ALBANY, N.Y. (WTEN) — As we draw near to the general election in November, Capitol Correspondent Amal Tlaige spoke with both Republican candidates for Attorney General and New York State Comptroller. While trailing behind in polls, both candidates are optimistic about their chances. 

A recent Siena Poll shows Democratic State Comptroller, Tom DiNapoli leading his Republican candidate, Paul Rodriguez by 21 points. Additionally, Attorney General Letitia James leads Republican Michael Henry, 50 to 36. How are Republican candidates planning on closing the gap in polls? Michael Henry says one issue he’s focusing on is crime, “Our current Attorney General has been the spur of anti-police rhetoric, she’s against qualified immunity and even recently she said that when it comes to cashless bail she needs more credible data before she would support any changes, and quite frankly that’s a despicable mindset for the chief law enforcement officer of the state to have because credible data means victims, and one victim is one victim too many,” he said.

Henry says he’s going to communities that Republicans have not traditionally gone to and is focusing on issues that transcend party affiliation, “I was in Rochester yesterday unfortunately for the third police funeral of a slain police officer I’ve attended in the last few months. I am tired of going to these funerals, I am tired of talking to victims, I’m tired of meeting the mothers, the sisters, the brothers of people that were killed.”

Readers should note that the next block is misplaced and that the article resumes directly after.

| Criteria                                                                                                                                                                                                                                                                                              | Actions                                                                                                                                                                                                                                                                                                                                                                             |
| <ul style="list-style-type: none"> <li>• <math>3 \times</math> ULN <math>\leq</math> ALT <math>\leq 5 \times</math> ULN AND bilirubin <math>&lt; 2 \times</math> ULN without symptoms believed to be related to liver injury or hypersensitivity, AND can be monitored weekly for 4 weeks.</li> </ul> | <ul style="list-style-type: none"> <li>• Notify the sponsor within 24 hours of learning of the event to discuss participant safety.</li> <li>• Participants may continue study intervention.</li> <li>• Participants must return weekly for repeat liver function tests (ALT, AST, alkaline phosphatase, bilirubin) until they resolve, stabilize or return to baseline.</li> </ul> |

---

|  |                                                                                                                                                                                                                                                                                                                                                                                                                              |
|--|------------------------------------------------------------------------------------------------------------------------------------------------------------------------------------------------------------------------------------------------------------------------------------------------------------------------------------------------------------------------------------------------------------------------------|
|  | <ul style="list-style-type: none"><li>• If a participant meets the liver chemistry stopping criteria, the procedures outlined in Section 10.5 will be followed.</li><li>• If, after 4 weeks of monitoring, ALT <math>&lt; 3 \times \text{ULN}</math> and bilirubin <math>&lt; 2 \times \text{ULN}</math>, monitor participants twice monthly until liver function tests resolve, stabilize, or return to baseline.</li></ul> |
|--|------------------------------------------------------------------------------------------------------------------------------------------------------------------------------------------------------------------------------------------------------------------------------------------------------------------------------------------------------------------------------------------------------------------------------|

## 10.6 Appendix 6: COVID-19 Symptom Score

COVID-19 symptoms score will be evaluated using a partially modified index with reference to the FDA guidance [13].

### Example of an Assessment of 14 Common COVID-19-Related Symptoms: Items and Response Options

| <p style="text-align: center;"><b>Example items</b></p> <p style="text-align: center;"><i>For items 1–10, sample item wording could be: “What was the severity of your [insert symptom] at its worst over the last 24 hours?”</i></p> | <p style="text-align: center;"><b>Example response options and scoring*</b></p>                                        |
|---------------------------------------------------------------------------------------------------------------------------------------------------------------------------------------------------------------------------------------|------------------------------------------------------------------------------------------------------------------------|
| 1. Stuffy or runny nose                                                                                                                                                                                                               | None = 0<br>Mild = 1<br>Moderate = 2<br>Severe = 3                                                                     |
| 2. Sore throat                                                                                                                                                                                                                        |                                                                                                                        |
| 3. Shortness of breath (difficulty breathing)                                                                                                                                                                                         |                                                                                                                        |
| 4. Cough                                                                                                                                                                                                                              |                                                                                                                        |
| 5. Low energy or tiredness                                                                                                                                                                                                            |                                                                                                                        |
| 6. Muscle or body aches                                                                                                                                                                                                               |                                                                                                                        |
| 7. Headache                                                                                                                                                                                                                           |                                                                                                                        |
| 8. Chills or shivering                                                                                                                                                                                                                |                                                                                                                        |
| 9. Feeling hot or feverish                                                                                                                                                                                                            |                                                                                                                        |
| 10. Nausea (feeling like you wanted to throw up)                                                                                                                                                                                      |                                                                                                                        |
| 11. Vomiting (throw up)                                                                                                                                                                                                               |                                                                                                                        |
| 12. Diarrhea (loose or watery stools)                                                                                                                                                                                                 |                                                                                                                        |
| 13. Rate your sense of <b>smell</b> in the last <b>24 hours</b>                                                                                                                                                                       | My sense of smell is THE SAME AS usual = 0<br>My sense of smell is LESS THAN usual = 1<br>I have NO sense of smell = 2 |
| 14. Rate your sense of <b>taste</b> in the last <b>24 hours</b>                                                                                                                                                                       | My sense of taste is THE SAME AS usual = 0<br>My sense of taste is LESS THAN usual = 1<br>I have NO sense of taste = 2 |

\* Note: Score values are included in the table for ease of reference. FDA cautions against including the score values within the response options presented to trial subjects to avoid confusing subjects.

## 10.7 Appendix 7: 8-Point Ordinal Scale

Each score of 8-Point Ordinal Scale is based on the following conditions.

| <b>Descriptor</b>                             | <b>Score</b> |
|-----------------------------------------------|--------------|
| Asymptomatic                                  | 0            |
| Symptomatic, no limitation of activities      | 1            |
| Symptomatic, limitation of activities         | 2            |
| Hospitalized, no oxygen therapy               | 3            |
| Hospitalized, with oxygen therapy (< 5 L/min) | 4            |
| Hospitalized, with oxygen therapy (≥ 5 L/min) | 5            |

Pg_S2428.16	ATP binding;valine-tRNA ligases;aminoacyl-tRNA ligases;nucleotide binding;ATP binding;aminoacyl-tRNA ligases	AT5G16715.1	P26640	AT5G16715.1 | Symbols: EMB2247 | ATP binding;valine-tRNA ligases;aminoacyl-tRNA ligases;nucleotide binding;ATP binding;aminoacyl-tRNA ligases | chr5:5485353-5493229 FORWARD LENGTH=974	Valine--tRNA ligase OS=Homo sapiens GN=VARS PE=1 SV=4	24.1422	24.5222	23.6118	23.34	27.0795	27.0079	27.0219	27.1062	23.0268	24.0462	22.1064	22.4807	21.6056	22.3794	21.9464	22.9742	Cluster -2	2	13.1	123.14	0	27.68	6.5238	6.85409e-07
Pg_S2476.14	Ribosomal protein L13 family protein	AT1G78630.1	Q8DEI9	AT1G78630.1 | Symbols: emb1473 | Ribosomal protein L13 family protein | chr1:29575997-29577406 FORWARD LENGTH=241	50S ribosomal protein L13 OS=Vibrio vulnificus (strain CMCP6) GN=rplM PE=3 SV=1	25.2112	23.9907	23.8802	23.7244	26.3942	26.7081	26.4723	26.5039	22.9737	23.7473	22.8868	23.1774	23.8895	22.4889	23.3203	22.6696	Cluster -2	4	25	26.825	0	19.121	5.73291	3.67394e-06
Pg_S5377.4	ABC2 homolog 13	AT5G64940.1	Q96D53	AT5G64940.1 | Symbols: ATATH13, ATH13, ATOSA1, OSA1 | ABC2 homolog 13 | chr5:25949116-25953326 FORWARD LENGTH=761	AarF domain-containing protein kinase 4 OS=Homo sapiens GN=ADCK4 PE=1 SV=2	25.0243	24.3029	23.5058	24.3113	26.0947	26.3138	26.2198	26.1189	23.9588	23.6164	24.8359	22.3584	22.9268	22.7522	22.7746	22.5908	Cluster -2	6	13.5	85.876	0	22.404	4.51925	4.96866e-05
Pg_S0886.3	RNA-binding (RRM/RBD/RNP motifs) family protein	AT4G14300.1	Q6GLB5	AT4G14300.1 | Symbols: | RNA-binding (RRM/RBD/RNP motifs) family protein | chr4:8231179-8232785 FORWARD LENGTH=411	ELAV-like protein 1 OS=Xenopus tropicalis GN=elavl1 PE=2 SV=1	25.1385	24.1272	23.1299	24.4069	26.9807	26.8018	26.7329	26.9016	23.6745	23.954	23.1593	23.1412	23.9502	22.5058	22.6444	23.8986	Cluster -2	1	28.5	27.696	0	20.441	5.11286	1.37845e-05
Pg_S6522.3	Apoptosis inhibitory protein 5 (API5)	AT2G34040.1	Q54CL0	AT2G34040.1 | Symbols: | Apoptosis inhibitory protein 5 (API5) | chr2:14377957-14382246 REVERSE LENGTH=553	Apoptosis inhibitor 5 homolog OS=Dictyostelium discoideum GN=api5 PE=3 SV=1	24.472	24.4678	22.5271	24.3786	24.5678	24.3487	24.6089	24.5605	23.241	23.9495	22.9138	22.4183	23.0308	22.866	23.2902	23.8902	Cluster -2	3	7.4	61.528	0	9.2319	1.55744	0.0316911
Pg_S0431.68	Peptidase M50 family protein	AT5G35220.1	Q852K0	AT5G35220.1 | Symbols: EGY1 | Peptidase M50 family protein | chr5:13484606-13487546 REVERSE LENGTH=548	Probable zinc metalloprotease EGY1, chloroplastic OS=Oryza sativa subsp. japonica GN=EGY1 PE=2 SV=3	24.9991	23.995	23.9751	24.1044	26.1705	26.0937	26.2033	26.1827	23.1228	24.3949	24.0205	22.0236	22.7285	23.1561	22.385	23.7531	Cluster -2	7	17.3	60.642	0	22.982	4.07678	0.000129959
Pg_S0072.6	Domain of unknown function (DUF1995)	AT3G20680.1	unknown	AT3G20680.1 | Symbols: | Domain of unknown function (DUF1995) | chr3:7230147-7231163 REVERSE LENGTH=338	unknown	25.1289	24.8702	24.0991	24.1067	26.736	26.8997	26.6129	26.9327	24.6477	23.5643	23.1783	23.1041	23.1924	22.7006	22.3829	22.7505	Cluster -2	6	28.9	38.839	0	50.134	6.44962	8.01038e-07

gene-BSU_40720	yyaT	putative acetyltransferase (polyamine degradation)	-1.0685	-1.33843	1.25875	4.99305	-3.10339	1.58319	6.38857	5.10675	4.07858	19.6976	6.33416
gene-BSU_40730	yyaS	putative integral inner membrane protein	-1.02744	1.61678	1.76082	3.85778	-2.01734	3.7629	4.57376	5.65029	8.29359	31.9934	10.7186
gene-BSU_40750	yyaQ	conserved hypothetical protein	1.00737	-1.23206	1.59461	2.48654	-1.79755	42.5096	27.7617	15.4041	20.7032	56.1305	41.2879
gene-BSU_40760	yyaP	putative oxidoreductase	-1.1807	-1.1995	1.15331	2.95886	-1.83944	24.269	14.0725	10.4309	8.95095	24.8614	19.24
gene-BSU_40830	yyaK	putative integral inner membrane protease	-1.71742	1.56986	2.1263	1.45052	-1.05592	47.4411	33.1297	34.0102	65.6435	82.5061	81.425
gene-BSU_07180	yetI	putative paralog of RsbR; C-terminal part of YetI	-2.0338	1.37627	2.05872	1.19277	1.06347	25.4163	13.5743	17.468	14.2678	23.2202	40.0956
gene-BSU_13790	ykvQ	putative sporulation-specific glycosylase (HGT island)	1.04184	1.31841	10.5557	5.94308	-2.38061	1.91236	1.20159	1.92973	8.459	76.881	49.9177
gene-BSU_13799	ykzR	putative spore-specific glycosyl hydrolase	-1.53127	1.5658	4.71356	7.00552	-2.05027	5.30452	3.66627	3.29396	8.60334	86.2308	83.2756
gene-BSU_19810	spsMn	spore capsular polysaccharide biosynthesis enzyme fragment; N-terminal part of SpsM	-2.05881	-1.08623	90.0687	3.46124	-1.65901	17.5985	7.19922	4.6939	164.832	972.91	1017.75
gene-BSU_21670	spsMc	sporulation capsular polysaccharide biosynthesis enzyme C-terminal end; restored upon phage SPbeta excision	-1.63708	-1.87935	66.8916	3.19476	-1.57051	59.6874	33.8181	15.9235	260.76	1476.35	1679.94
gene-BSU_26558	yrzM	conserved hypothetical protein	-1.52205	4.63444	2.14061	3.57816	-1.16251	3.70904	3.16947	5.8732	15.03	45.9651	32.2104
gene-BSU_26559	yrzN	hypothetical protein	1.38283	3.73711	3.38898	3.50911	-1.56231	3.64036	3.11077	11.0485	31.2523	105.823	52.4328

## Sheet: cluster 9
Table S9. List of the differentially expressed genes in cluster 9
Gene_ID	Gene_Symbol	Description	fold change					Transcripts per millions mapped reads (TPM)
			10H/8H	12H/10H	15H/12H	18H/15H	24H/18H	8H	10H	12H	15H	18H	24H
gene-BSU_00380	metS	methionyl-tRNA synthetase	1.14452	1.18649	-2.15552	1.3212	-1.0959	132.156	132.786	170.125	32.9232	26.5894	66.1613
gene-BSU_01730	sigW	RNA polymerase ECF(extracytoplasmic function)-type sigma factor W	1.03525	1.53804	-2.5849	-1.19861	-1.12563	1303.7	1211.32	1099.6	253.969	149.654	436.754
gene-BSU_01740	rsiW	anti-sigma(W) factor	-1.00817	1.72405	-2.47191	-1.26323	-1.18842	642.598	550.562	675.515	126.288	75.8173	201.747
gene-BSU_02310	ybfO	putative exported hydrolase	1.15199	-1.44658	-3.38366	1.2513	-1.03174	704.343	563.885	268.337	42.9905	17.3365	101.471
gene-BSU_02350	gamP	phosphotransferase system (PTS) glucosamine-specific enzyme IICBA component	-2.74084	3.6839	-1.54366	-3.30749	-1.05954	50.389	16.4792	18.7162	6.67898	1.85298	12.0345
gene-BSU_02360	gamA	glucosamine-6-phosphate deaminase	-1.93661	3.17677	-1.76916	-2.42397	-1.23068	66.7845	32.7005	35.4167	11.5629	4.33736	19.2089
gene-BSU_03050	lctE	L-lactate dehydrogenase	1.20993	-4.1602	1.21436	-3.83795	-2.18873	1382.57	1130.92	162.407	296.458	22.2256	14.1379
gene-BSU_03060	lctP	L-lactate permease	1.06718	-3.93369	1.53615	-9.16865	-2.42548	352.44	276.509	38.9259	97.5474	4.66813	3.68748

Paul Rodriguez says there’s two jobs for the state comptroller: to be the primary watchdog for taxpayers and correctly handle the pension fund, “So I think we really need someone who’s an outsider who will really have the courage to hold to account those who are in power,” he said.

Back in March, the State Comptroller’s office released a report that showed the number of COVID related nursing home deaths was undercounted by at least 4100. Rodriguez explains some of the issues handling that, “The first recommendation was to give them more money. When has given a bureaucrat or a politician – giving them more money – ever made them more ethical, more competent or more honest in their job?”

Rodriguez says part of the issue is the one-party rule with Democrats making up the super majority in New York State. He also says there’s a lack of ethics and accountability in New York politics he’s happy to tackle.